Braving The Frontier Markets

Courtesy of Barron’s, a look at frontier markets:

Frontier markets are surging this year. Investors, however, should think twice before plunging headlong into stocks from countries as far-flung as Argentina, Bangladesh, Botswana, Slovakia, and Sri Lanka.

The appeal is obvious: The MSCI Frontier Markets Total Return Index has risen 8% since the start of the year, besting the MSCI Emerging Markets Total Return Index’s 0.4% return by 7.6 percentage points.

But frontier markets today are essentially what emerging markets were more than a decade ago—in both positive and negative respects. There’s the outsized growth, sure, but that comes with higher-than-average risks. Most frontier-market stocks trade infrequently, are expensive to enter and exit, and come with idiosyncratic factors that can cause markets to plunge or freeze up completely. It’s not a bet for the faint of heart—or an easy market to play. “It makes sense to have some exposure,” says David Romhilt, head of manager research for the Americas at Barclays in New York. “But there are real risks in the space.”

FRONTIER MARKETS HAVE A lot to recommend them. HSBC strategist John Lomax points to their high expected-growth rates and hefty dividends, which average about 5%, compared with just a 2.7% yield in emerging markets. Even better, frontier markets generally outperform emerging markets as investors feel comfortable heading for the more remote reaches of the world’s stock markets—which would be right about now.

There is no ideal way of getting exposure, however. Individual stocks are out of the question. The average frontier fund, meanwhile, has an expense ratio of more than 2%—well above the 1.6% average for emerging-market funds. And that doesn’t factor in the cost of getting in and out of the illiquid securities, which can cost as much as two percentage points of a round-trip trade. The exchange-traded funds dedicated to the asset class are either thinly traded—the iShares MSCI Frontier 100 Index ETF (ticker: FM) averages just 17,000 shares a day—or a pale representation of the asset class. The Guggenheim Frontier Markets ETF (FRN) has 42% of its portfolio in Chile, a country not in any traditional frontier index, and has returned just 3.2% this year.

Worse still, get the timing wrong and frontier markets can hold a portfolio back. The MSCI Frontier Market Index has beaten the MSCI Emerging Market Index just three times during the past 10 years, while returning 9.2% annually versus the emerging market’s 15.5%. And the markets have a habit of blowing up. Vietnam, for instance, dropped 75% from its peak in February 2007 through early March 2009—and a buy-and-hold investor would still be down 46% today.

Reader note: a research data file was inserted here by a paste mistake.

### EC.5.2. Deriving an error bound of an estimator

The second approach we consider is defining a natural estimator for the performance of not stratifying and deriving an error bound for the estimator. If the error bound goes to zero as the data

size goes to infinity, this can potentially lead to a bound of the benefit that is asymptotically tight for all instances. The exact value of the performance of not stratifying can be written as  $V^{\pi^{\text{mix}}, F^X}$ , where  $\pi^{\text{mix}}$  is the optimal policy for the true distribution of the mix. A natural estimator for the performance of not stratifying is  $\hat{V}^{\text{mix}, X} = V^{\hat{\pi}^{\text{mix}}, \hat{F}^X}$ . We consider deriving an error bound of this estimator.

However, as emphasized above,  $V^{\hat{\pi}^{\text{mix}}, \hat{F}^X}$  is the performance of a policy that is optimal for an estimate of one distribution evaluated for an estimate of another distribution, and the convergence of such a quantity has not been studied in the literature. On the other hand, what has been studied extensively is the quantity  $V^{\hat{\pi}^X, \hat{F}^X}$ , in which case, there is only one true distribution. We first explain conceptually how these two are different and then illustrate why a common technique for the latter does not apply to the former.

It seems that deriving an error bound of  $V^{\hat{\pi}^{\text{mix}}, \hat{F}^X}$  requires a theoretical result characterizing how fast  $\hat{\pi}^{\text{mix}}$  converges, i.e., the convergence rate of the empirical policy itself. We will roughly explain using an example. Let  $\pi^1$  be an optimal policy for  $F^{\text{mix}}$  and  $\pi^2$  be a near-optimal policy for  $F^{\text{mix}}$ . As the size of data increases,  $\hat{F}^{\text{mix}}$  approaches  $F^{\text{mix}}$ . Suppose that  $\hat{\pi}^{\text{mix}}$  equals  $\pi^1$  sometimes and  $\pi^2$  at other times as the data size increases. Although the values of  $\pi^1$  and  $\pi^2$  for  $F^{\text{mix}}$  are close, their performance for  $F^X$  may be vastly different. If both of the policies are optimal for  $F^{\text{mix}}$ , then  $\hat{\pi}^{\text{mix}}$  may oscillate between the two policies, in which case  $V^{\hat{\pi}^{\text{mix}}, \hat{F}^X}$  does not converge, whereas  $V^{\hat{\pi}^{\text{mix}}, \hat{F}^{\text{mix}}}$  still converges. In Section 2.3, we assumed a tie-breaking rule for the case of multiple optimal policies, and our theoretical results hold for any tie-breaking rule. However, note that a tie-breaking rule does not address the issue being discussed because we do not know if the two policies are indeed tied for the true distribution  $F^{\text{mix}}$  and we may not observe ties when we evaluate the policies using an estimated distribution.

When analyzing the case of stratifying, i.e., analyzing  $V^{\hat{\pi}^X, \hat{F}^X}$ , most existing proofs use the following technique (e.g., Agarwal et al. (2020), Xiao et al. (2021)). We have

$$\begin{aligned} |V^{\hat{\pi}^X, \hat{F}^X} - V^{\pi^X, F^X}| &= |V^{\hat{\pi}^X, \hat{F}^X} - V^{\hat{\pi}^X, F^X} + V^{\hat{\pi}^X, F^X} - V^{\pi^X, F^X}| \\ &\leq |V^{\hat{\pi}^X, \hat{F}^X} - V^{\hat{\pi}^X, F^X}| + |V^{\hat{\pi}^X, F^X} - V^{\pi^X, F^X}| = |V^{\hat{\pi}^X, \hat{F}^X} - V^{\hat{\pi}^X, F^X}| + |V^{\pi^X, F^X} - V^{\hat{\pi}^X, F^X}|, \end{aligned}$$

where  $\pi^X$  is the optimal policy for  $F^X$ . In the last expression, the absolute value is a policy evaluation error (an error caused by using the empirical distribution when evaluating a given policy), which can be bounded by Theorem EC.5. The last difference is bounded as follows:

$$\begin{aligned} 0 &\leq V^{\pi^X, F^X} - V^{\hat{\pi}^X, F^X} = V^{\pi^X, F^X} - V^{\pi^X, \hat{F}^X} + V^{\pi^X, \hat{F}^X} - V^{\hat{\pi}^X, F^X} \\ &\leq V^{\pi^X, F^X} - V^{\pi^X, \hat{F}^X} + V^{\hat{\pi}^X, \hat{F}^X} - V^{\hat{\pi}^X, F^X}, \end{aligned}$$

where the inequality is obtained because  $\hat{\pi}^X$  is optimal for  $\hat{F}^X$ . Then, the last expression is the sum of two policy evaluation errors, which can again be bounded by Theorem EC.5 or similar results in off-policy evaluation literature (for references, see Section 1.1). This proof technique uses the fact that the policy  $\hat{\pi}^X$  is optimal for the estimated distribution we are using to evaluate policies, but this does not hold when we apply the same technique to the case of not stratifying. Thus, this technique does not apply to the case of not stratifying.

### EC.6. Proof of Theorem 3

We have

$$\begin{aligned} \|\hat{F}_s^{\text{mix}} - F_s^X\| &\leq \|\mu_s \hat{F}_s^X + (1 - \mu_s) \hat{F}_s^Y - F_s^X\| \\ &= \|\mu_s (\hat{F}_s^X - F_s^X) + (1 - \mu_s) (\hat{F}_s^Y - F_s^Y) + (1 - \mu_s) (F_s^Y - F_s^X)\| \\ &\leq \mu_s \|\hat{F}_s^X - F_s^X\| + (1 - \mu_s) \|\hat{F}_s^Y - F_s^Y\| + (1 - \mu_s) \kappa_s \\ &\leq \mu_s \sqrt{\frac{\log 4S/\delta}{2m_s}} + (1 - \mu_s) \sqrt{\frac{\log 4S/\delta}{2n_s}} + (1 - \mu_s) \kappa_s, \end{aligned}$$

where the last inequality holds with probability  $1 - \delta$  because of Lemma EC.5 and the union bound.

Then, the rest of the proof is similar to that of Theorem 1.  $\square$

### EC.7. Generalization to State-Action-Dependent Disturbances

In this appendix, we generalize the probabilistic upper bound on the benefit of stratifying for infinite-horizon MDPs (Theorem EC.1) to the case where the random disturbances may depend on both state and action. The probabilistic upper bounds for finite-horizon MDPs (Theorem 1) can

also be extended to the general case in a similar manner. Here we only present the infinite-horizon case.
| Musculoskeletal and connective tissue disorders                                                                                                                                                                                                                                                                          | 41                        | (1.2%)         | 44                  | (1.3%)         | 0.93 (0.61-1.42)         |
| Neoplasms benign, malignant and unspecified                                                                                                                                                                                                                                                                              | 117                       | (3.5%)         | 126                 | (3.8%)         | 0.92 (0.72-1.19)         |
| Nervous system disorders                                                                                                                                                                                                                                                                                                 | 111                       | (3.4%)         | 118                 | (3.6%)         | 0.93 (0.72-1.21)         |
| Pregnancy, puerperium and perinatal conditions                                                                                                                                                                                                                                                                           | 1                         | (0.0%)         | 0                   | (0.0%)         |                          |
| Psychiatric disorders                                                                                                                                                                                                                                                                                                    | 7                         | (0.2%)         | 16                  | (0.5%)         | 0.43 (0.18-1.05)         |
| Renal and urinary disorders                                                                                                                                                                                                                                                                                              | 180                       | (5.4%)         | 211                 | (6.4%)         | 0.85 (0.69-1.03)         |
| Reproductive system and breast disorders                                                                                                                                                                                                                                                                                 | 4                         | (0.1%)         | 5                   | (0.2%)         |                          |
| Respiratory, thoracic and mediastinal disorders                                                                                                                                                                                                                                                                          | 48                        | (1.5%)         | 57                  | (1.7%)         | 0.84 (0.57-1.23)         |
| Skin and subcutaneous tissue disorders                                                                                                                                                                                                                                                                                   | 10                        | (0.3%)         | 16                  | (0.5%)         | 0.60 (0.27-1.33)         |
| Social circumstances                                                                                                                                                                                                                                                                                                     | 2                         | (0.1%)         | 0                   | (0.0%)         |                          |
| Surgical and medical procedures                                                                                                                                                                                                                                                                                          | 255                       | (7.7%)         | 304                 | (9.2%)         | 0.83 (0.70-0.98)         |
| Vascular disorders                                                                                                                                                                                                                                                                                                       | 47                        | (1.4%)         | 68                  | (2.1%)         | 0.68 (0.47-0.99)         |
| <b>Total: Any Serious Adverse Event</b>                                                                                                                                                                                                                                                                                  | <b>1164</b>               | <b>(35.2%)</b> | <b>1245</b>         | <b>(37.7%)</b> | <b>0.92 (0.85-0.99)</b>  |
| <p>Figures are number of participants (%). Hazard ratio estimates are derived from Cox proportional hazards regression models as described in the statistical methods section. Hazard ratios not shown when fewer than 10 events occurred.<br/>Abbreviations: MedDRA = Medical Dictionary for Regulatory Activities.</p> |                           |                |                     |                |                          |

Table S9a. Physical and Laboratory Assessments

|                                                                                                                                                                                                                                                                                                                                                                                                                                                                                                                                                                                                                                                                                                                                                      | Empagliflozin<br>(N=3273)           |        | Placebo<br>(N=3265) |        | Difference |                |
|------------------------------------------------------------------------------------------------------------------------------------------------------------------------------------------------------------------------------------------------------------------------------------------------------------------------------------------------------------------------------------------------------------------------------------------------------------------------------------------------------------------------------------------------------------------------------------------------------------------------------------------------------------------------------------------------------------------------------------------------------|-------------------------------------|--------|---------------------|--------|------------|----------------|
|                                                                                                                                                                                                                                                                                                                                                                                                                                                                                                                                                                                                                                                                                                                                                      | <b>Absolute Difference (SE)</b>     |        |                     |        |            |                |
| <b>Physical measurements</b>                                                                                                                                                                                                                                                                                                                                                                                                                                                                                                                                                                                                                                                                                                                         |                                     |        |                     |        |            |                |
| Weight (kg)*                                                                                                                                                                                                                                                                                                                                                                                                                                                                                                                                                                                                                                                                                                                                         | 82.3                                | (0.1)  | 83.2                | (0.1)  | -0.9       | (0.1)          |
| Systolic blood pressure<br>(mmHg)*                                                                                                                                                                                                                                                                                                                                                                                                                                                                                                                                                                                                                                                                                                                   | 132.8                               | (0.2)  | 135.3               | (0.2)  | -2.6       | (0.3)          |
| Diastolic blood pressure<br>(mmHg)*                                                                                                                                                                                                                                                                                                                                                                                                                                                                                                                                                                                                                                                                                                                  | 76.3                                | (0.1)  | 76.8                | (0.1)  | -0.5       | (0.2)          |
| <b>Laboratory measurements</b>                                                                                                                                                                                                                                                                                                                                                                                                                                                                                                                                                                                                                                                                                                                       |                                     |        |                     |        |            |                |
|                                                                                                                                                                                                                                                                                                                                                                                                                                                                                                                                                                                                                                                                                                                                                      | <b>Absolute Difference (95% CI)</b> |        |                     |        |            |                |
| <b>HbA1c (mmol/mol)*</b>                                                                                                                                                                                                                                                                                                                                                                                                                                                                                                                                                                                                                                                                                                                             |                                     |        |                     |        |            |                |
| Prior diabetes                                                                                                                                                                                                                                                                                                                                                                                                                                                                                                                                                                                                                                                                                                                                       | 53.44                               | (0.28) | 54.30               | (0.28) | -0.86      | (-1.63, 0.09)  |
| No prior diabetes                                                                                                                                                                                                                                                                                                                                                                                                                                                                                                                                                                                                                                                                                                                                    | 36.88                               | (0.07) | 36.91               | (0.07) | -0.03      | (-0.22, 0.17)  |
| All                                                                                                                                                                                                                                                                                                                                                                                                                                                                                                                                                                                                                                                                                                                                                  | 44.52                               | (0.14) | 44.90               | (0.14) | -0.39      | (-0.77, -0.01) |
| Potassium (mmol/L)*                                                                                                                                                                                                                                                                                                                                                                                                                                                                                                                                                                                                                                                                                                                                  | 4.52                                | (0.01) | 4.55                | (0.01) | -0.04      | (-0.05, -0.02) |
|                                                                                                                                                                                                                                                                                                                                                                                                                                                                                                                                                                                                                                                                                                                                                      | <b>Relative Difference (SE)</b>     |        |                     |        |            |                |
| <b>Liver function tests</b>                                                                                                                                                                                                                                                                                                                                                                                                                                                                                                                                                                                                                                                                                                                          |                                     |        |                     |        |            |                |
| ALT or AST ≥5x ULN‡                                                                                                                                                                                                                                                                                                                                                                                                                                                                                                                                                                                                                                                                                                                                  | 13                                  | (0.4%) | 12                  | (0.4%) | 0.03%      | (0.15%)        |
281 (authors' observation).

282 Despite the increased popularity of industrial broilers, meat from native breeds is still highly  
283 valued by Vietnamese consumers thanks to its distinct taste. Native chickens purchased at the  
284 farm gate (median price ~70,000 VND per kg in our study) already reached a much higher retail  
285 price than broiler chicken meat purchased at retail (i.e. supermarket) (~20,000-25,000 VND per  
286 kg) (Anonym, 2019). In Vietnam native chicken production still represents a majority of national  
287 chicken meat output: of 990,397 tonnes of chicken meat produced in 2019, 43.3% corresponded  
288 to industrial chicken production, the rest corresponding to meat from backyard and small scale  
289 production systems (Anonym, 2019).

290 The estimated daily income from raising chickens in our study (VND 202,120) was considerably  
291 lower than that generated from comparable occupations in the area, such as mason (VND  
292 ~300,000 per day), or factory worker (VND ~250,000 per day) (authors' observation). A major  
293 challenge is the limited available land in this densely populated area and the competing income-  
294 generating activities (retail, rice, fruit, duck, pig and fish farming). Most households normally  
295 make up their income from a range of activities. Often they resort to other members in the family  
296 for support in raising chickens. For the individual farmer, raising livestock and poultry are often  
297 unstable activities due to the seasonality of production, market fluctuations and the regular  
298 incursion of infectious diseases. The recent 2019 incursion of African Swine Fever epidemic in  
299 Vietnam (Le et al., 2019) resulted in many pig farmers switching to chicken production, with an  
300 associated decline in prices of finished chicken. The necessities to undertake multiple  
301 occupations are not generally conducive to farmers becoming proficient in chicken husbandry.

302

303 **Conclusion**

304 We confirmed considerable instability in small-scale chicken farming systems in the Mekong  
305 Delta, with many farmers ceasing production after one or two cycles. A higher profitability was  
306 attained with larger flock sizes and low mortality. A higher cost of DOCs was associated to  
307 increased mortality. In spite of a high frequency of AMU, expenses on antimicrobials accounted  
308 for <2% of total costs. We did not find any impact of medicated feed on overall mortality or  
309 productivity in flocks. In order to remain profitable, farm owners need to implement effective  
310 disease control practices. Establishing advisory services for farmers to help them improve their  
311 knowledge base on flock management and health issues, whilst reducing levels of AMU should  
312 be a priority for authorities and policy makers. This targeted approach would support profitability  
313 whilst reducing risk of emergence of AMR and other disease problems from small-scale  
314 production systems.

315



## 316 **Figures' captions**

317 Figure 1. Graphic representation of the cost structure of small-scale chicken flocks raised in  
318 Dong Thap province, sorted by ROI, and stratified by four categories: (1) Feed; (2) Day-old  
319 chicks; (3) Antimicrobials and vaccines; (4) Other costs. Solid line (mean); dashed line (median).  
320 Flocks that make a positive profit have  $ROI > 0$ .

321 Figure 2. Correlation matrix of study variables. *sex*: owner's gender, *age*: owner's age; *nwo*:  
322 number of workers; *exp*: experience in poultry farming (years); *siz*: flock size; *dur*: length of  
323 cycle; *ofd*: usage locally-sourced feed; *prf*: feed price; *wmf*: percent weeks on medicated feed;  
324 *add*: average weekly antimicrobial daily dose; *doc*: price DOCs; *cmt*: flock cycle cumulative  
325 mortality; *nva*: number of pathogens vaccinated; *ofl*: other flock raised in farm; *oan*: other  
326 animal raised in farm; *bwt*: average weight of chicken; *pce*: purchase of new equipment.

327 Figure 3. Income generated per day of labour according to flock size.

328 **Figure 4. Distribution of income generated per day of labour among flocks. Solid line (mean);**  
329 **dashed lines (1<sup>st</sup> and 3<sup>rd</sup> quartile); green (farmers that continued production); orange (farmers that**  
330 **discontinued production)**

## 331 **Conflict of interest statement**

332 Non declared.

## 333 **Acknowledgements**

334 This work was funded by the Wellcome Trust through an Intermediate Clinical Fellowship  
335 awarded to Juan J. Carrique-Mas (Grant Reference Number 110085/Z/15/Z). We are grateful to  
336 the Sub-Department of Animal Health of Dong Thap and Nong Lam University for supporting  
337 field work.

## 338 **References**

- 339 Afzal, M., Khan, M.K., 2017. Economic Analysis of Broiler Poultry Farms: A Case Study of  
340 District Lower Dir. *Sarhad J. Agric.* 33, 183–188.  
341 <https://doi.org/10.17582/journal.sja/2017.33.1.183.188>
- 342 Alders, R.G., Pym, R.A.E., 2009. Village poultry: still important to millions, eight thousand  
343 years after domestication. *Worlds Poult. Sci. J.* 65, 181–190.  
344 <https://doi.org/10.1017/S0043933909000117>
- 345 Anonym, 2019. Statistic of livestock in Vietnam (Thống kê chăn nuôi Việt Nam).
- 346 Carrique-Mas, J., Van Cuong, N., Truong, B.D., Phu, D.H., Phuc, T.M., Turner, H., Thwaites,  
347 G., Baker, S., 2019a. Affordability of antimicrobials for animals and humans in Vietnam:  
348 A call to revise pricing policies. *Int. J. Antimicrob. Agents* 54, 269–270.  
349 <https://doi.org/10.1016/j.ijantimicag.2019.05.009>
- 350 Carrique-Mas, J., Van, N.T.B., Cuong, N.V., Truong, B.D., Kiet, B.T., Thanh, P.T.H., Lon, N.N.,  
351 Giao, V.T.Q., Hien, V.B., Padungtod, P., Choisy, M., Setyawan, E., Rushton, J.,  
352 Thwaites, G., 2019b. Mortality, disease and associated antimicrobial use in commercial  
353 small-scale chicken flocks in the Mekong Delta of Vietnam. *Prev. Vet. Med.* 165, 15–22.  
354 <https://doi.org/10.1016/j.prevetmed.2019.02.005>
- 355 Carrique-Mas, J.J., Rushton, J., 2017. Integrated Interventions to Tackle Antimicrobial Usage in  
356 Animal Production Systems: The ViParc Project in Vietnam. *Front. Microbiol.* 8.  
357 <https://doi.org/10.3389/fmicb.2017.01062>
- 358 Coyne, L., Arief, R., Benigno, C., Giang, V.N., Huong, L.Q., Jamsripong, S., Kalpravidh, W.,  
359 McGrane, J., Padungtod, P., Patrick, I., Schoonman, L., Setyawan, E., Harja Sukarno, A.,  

A better option: Look for an emerging-market mutual fund that doesn’t mind dabbling in frontier markets, counsels Sam Katzman, chief investment officer at Constellation Wealth Advisors. “Frontier markets can be dangerous,” he says. “We look to the emerging-market manager to provide the exposure he’s comfortable with.” But investors will have to stick with smaller emerging-market funds, says Barclay’s Romhilt. That’s because frontier markets are so tiny, only smaller funds are able to build meaningful positions in frontier stocks.

One example: The $1.1 billion Driehaus Emerging Markets Growth Fund (DREGX), which has 1.6% of its portfolio in Nigeria, 1.2% in Qatar, 1.2% in the United Arab Emirates, 1% in Saudi Arabia, and 0.6% in Pakistan. The fund has returned 3.4% this year and 12% annually during the past three. 

This entry was posted on Sunday, February 10th, 2013 at 11:50 pm and is filed under Uncategorized.  You can follow any responses to this entry through the RSS 2.0 feed.  Both comments and pings are currently closed. 

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Wildcats & Black Sheep is a personal interest blog dedicated to the identification and evaluation of maverick investment opportunities arising in frontier - and, what some may consider to be, “rogue” or “black sheep” - markets around the world.

Focusing primarily on The New Seven Sisters - the largely state owned petroleum companies from the emerging world that have become key players in the oil & gas industry as identified by Carola Hoyos, Chief Energy Correspondent for The Financial Times - but spanning other nascent opportunities around the globe that may hold potential in the years ahead, Wildcats & Black Sheep is a place for the adventurous to contemplate & evaluate the emerging markets of tomorrow.